Nortel Networks and Cisco Systems both defended its own approach for voice-over-IP at VoiceCon2004 in Florida.
Nortel is a traditional voice switch supplier and has products which adapt these traditional networks to IP.
Cisco, meanwhile, sells pure IP products to handle voice, treating it as just another data stream.
Michael Frendo, vice-president of voice systems engineering at Cisco likened the Nortel-style technologies to driving a car with a horse tied to the rear - just in case the car fails.
Philip Edholm, chief technology for enterprise solutions at Nortel, acknowledged that a company can go with a pure IP system, but he questioned whether it should. He said a long list of Cisco customers have installed Cisco IP voice capability only to back off, including Merrill Lynch.
Frendo countered that only a handful of customers had done so - not because they did not like Cisco's products, but because they wanted a different architecture.
Merrill Lynch senior official said last year that the firm had decided not to use the Cisco system because it did not want to lose voice capabilities if its data network crashed.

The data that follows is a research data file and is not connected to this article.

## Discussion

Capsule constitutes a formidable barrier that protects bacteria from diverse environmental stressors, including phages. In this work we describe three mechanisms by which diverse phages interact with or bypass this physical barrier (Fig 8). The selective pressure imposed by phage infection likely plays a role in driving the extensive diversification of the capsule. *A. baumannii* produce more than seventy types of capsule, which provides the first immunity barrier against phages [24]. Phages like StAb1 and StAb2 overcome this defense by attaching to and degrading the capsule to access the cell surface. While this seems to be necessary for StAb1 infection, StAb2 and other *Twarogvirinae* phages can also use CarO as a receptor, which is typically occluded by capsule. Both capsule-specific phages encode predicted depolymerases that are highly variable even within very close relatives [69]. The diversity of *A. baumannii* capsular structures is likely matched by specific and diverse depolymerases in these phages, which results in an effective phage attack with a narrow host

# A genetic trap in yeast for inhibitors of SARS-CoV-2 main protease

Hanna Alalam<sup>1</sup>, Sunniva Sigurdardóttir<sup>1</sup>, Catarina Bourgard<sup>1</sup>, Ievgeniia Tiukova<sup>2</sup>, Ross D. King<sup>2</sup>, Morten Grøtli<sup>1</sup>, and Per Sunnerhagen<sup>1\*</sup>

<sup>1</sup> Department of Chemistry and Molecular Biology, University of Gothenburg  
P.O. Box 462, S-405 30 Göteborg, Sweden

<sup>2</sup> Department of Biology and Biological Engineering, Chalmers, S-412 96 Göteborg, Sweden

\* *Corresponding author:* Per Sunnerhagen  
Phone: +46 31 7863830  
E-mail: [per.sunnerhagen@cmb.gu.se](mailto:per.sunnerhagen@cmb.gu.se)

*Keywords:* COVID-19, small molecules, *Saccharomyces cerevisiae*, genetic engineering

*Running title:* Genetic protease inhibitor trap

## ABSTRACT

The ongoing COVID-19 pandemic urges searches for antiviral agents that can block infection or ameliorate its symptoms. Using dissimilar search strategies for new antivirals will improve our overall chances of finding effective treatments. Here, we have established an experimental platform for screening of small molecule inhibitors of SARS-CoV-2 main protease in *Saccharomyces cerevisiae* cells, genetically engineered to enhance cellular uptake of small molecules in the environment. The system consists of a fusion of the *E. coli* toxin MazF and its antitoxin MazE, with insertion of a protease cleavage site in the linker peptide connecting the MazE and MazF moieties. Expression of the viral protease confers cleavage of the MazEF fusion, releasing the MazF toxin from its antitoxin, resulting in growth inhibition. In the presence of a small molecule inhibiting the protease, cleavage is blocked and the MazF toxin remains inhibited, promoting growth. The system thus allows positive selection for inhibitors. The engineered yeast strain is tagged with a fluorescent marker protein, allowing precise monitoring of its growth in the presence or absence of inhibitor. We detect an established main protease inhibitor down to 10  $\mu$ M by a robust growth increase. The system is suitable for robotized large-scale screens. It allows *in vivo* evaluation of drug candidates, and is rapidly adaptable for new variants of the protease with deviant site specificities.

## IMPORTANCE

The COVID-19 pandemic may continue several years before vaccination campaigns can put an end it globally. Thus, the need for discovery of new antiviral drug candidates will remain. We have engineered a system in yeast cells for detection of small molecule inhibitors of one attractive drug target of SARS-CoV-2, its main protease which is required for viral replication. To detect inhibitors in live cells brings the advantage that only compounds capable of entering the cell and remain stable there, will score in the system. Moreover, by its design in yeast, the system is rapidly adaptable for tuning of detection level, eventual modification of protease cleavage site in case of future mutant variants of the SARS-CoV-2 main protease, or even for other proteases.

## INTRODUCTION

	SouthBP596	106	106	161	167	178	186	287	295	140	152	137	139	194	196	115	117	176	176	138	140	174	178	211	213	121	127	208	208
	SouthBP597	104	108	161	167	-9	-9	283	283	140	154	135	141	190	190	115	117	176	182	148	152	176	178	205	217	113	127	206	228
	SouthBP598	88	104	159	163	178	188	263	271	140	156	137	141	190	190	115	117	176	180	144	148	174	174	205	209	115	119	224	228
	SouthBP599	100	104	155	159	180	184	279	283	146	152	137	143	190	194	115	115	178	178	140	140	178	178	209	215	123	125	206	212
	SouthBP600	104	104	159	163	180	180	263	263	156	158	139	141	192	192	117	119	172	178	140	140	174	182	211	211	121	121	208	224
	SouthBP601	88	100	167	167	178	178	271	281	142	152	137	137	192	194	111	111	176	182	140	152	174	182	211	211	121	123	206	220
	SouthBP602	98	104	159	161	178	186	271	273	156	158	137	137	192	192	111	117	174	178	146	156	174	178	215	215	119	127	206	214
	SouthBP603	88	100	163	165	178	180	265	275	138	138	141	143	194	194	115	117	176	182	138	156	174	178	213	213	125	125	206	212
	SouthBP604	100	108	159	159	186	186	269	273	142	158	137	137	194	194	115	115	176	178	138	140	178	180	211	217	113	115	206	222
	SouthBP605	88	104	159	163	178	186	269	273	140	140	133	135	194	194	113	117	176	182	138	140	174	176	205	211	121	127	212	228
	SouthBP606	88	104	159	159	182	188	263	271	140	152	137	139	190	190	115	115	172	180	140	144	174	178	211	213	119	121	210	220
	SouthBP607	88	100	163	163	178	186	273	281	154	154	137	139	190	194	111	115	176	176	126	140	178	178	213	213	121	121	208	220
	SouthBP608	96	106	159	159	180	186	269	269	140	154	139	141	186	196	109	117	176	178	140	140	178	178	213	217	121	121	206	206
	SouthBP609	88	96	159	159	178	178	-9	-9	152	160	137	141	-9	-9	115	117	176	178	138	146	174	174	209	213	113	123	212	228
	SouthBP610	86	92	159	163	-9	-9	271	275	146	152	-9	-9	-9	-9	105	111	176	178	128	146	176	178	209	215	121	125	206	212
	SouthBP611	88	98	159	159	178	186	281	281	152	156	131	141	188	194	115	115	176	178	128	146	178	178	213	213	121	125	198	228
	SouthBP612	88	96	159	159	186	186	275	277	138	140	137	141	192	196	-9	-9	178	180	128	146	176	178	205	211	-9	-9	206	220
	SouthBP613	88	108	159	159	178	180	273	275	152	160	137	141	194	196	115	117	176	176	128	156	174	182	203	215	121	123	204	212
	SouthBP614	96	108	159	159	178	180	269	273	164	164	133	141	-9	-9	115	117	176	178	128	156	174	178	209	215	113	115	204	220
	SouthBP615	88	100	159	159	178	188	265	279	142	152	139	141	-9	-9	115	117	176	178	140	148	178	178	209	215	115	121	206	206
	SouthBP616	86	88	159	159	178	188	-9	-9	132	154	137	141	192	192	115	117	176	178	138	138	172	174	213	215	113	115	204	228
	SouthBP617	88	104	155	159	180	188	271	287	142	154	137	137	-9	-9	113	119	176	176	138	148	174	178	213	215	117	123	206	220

Edholm also contended that Cisco's approach to VoIP seems to omit the idea of a "softphone", which relies on the computer to make calls and does away with the need for a handset. With such an approach, a user can click on an icon on a screen to place a call, without needing a phone number or even a person's name.
Cisco sells several telephone handsets with small screens which, Edholm claimed, was too small for weak eyes to read.
Edholm said Microsoft and Intel have signalled an interest in using session initiation protocol in softphones as a means of starting voice sessions with PCs.
Frendo said, "The softphone is in our future," adding that without pure IP at the endpoint, it is not possible to run video over phones.
Cisco has a large percentage of the US market for voice systems of all types, considering that it is a relative newcomer, said Allan Sulkin, an analyst at TEQConsult Group.
"Cisco has pushed the other vendors to step up their programs," he said. "The market has been shaken and stirred by Cisco, and Avaya and Nortel have to watch out."
Matt Hamblen writes for Computerworld